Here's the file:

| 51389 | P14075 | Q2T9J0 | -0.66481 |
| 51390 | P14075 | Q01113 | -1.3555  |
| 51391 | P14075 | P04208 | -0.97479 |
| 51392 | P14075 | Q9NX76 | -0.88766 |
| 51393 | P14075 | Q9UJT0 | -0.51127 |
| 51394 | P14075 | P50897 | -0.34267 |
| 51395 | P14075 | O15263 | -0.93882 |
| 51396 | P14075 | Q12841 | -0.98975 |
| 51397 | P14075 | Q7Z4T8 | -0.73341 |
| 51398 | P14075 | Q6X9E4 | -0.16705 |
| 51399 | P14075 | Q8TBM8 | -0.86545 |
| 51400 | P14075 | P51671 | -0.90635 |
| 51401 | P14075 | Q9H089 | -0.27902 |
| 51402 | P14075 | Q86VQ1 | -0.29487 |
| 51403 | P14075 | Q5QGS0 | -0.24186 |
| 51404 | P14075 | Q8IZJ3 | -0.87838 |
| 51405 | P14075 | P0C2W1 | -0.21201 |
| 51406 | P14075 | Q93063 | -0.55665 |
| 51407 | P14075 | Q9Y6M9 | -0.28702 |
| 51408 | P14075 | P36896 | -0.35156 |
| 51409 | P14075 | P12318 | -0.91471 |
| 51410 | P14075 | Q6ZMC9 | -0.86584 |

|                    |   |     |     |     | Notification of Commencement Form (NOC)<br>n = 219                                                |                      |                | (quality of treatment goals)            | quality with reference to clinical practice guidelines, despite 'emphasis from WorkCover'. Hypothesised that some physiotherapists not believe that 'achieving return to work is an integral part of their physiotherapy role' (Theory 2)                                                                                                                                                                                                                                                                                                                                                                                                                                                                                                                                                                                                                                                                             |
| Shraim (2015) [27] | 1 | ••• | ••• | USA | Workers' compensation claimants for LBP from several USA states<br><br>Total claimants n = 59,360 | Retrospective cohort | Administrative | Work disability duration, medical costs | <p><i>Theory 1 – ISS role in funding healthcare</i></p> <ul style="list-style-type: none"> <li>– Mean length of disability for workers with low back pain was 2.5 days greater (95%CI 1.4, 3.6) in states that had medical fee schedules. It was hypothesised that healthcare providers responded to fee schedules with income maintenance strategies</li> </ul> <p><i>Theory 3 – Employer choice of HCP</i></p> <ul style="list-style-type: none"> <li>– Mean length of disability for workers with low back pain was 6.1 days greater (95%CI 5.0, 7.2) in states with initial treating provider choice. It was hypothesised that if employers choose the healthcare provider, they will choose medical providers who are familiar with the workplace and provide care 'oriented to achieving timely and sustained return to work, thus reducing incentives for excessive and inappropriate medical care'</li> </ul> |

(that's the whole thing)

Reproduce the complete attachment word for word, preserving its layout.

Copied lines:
| 51389 | P14075 | Q2T9J0 | -0.66481 |
| 51390 | P14075 | Q01113 | -1.3555  |
| 51391 | P14075 | P04208 | -0.97479 |
| 51392 | P14075 | Q9NX76 | -0.88766 |
| 51393 | P14075 | Q9UJT0 | -0.51127 |
| 51394 | P14075 | P50897 | -0.34267 |
| 51395 | P14075 | O15263 | -0.93882 |
| 51396 | P14075 | Q12841 | -0.98975 |
| 51397 | P14075 | Q7Z4T8 | -0.73341 |
| 51398 | P14075 | Q6X9E4 | -0.16705 |
| 51399 | P14075 | Q8TBM8 | -0.86545 |
| 51400 | P14075 | P51671 | -0.90635 |
| 51401 | P14075 | Q9H089 | -0.27902 |
| 51402 | P14075 | Q86VQ1 | -0.29487 |
| 51403 | P14075 | Q5QGS0 | -0.24186 |
| 51404 | P14075 | Q8IZJ3 | -0.87838 |
| 51405 | P14075 | P0C2W1 | -0.21201 |
| 51406 | P14075 | Q93063 | -0.55665 |
| 51407 | P14075 | Q9Y6M9 | -0.28702 |
| 51408 | P14075 | P36896 | -0.35156 |
| 51409 | P14075 | P12318 | -0.91471 |
| 51410 | P14075 | Q6ZMC9 | -0.86584 |

|                    |   |     |     |     | Notification of Commencement Form (NOC)<br>n = 219                                                |                      |                | (quality of treatment goals)            | quality with reference to clinical practice guidelines, despite 'emphasis from WorkCover'. Hypothesised that some physiotherapists not believe that 'achieving return to work is an integral part of their physiotherapy role' (Theory 2)                                                                                                                                                                                                                                                                                                                                                                                                                                                                                                                                                                                                                                                                             |
| Shraim (2015) [27] | 1 | ••• | ••• | USA | Workers' compensation claimants for LBP from several USA states<br><br>Total claimants n = 59,360 | Retrospective cohort | Administrative | Work disability duration, medical costs | <p><i>Theory 1 – ISS role in funding healthcare</i></p> <ul style="list-style-type: none"> <li>– Mean length of disability for workers with low back pain was 2.5 days greater (95%CI 1.4, 3.6) in states that had medical fee schedules. It was hypothesised that healthcare providers responded to fee schedules with income maintenance strategies</li> </ul> <p><i>Theory 3 – Employer choice of HCP</i></p> <ul style="list-style-type: none"> <li>– Mean length of disability for workers with low back pain was 6.1 days greater (95%CI 5.0, 7.2) in states with initial treating provider choice. It was hypothesised that if employers choose the healthcare provider, they will choose medical providers who are familiar with the workplace and provide care 'oriented to achieving timely and sustained return to work, thus reducing incentives for excessive and inappropriate medical care'</li> </ul> |